Feb 28, 2011 (CIDRAP News) – Connecticut lawmakers are set to debate a law that would require most employers to offer paid sick leave, armed with the results of a new survey that suggests that San Francisco workers benefitted from a similar law.
In 2006, San Francisco voters approved an ordinance allowing all workers to earn and use paid sick days, making it the nation's first such policy. The law took effect in 2007 and applies to all employers, and a recent survey found few adverse effects reported by the city's employers.
Though many states and cities have considered similar policies, San Francisco and Washington, DC, are the only jurisdictions that have them. If Connecticut passes its law, it would be the first US state to mandate paid time off.
At least two other legislative bodies are considering similar measures. A Philadelphia city council committee is holding a public hearing on the issue tomorrow, and an Illinois Assembly committee is scheduled to have a hearing on proposed sick leave legislation on Mar 2, the National Partnership for Women and Families said today in an e-mail to the group's subscribers.
Many infectious disease experts have hailed paid sick days as one key to slowing the spread of illnesses such as flu that transmit easily in workplace and school settings. Some studies suggest that workers who lack paid sick leave are more likely to work when sick or send a sick child to school. However, business groups have cautioned that forcing them to provide paid sick leave could slow economic recovery and threaten future hiring and investment.
At a media telebriefing today, the Institute for Women's Policy Research (IWPR), based in Washington, DC, announced the findings of its survey of San Francisco's workers and employers. In addition, Connecticut state Rep Zeke Zalaski (D, Southington) explained how proposed legislation would affect his state's workers.
Zalaski, chair of the House Labor and Employees Committee, said the group will hold a public hearing tomorrow on SB 913, which would require employers with 50 or more workers to provide sick leave to certain employees for use for the employee's sickness; for the employee's child's, parent's or spouse's sickness; or to deal with sexual assault or family violence issues.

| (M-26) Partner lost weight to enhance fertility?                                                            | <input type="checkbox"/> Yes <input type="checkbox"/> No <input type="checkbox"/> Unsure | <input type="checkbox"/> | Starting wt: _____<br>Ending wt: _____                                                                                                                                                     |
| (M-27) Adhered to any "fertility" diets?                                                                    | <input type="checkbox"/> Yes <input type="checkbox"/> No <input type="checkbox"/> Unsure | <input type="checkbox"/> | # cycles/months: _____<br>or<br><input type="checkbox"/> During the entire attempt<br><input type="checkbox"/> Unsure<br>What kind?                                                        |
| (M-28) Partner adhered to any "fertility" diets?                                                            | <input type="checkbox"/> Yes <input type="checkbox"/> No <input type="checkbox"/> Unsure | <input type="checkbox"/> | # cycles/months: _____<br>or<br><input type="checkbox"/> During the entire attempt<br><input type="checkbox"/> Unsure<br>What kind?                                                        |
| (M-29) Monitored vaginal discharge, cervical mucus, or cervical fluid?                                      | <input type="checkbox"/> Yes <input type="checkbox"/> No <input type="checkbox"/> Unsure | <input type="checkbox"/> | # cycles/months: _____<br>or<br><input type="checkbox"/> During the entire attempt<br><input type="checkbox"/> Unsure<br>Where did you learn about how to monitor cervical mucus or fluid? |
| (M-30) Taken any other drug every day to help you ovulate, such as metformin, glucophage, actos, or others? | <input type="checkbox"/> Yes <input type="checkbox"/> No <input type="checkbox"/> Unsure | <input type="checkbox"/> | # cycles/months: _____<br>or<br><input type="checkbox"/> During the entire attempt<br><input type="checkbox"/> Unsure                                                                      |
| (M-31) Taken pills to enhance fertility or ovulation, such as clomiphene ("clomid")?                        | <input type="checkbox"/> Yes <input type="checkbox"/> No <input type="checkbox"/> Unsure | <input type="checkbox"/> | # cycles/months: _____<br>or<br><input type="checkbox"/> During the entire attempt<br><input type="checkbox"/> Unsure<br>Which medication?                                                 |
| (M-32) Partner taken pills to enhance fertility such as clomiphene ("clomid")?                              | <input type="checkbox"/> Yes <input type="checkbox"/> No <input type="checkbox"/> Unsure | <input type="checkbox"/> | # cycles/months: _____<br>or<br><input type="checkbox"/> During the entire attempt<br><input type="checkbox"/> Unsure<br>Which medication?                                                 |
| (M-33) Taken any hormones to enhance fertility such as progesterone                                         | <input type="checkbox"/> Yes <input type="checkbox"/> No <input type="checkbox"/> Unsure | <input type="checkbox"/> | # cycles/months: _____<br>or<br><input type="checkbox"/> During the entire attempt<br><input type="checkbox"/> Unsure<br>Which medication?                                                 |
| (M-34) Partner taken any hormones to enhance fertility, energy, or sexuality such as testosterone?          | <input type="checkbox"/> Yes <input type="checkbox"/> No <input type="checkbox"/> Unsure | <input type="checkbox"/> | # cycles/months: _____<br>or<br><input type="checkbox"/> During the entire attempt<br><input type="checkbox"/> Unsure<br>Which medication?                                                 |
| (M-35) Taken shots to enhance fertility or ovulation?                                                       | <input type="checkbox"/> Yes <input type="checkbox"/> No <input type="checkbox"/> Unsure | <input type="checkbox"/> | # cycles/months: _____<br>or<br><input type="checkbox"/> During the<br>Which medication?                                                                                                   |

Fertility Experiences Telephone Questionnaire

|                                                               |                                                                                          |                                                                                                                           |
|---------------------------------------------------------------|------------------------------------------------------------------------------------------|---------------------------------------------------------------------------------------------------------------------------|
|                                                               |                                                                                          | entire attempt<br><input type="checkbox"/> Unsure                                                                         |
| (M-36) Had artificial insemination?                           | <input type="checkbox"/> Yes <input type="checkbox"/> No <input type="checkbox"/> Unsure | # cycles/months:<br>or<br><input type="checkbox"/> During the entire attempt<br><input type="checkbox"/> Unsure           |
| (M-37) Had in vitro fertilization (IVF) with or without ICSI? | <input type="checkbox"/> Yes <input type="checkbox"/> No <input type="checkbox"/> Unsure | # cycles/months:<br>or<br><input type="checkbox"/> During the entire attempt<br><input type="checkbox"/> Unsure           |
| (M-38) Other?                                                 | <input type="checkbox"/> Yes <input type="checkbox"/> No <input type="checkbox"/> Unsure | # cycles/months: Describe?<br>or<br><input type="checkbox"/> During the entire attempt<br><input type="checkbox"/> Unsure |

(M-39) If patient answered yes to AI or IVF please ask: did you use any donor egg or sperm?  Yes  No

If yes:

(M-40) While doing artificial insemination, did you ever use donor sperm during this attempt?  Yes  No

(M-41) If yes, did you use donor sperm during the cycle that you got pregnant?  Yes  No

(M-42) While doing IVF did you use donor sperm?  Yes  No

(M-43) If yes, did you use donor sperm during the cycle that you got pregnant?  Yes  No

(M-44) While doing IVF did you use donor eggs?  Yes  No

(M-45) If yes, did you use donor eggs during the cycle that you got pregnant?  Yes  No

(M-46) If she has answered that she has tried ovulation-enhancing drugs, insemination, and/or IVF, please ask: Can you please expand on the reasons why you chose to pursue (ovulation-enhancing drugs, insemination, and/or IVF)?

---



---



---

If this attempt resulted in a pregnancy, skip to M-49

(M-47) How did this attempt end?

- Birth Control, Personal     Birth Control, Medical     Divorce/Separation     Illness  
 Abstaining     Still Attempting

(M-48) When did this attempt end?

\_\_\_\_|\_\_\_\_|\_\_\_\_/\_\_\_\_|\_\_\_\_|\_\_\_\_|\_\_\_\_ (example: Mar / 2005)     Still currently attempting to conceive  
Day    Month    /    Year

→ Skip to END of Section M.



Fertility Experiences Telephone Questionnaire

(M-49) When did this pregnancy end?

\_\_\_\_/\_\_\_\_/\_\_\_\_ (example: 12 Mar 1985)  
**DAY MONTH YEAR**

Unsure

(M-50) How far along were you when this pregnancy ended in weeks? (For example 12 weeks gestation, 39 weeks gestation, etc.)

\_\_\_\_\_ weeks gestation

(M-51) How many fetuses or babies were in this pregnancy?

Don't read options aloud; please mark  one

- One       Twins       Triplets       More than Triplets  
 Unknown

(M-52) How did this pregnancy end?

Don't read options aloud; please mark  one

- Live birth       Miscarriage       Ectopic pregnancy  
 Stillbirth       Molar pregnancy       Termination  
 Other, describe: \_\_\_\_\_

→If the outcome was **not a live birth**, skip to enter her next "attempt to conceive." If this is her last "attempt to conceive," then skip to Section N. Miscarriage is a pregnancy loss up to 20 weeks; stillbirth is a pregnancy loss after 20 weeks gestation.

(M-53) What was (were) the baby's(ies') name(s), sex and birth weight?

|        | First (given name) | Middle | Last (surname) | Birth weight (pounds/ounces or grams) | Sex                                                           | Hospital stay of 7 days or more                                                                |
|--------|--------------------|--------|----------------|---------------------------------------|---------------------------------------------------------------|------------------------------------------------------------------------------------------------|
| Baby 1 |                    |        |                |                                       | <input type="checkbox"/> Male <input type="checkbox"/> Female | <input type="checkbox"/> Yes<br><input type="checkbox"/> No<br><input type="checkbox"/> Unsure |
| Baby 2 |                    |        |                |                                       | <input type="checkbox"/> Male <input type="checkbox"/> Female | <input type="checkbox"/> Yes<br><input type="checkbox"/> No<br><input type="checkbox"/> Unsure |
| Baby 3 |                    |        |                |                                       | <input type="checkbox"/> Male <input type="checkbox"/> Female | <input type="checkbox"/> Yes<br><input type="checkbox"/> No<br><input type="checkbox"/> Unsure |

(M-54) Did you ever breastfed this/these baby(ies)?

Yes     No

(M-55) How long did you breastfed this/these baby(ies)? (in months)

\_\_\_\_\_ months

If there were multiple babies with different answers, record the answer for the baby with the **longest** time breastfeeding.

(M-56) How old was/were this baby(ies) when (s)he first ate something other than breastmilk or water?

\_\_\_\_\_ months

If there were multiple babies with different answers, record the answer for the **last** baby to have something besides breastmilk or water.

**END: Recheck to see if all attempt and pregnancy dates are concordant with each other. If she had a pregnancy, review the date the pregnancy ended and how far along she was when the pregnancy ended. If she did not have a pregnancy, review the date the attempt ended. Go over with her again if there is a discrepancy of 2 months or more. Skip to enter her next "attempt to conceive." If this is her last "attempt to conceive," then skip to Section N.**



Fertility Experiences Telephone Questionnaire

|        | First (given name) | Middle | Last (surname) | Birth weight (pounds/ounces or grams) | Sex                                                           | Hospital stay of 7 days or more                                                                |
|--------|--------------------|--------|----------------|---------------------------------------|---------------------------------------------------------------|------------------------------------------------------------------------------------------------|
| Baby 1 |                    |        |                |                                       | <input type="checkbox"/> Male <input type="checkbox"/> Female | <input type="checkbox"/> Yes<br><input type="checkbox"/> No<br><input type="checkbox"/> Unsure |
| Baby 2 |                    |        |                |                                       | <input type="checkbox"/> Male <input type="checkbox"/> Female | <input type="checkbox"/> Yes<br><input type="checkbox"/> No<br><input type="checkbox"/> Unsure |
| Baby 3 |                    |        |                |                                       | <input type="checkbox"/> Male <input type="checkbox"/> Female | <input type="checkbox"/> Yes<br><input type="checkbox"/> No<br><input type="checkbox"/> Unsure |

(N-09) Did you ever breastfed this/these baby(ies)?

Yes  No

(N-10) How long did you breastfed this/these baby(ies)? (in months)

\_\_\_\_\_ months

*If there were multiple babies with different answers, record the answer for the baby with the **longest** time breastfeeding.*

He said he expects the assembly to debate the law as soon as Mar 3. He said he was optimistic about the law's passage, given that the state's newly elected governor, Dan Malloy, included it as a campaign issue. "We have been advocating for this for many years now, and now we have a governor who made it part of his campaign," he said.
A Connecticut business group, however, said the law would be costly to employers and could slow the state's job growth. The Connecticut Business and Industry Association (CBIA) said in a Feb 25 statement. "Individual businesses should have the flexibility to develop benefits based on what they can afford, what works best for their employees and what competitive market forces demand, in order to attract and keep qualified employees," the group said.
The IWPR's 44-page report on San Francisco's experience with a similar sick leave law includes findings from a two-part survey. The worker survey was conducted by telephone by David Binder Research in January and February 2010. It includes interviews with 1,194 workers age 18 and older. A companion telephone survey of 727 San Francisco employers was conducted by National Research LLC in July through December 2009.
Employees got either 5 or 9 sick days under the law, but workers typically used 3 paid sick days during the previous year, and about one-quarter did not use any, the IWPR reported.
More than half of workers said they benefitted from the new law. For example, they said employers became more supportive of sick day use, the number of sick days increased, and employees were better able to care for themselves and their family members.
Parents with paid sick days were 20% less likely than those without paid sick time to send a child to school sick.
The employer component of the survey found that six of seven did not report any negative effects on profitability from the law.
About one-third said they ran into difficulties implementing the law, and one-sixth said the law required them to completely rework their sick leave policy. Nearly the same portion said they still were not in compliance with the law.
Robert Drago, PhD, the IWPR's director of research and a coauthor of the report, said the report suggests employees used the paid sick leave policy in the same manner as people use car insurance: They had the days but didn't use all of them. He said the findings should reassure employers, because they show that employers didn't have to cover the many unused paid sick leave days.
"This can cut costs to employers, decrease the spread of communicable diseases, and encourage more loyal employees," he said. "It's not just the right thing to do; it makes sense for employers, employees, and the health of the nation."
Feb 10 IWPR San Francisco paid sick leave report
Feb 25 CBIA statement
Jun 21, 2010, CIDRAP News story "Survey finds strong support for paid sick leave"
Nov 17, 2009, CIDRAP News story "Sick-leave standard as anti-flu weapon stirs debate"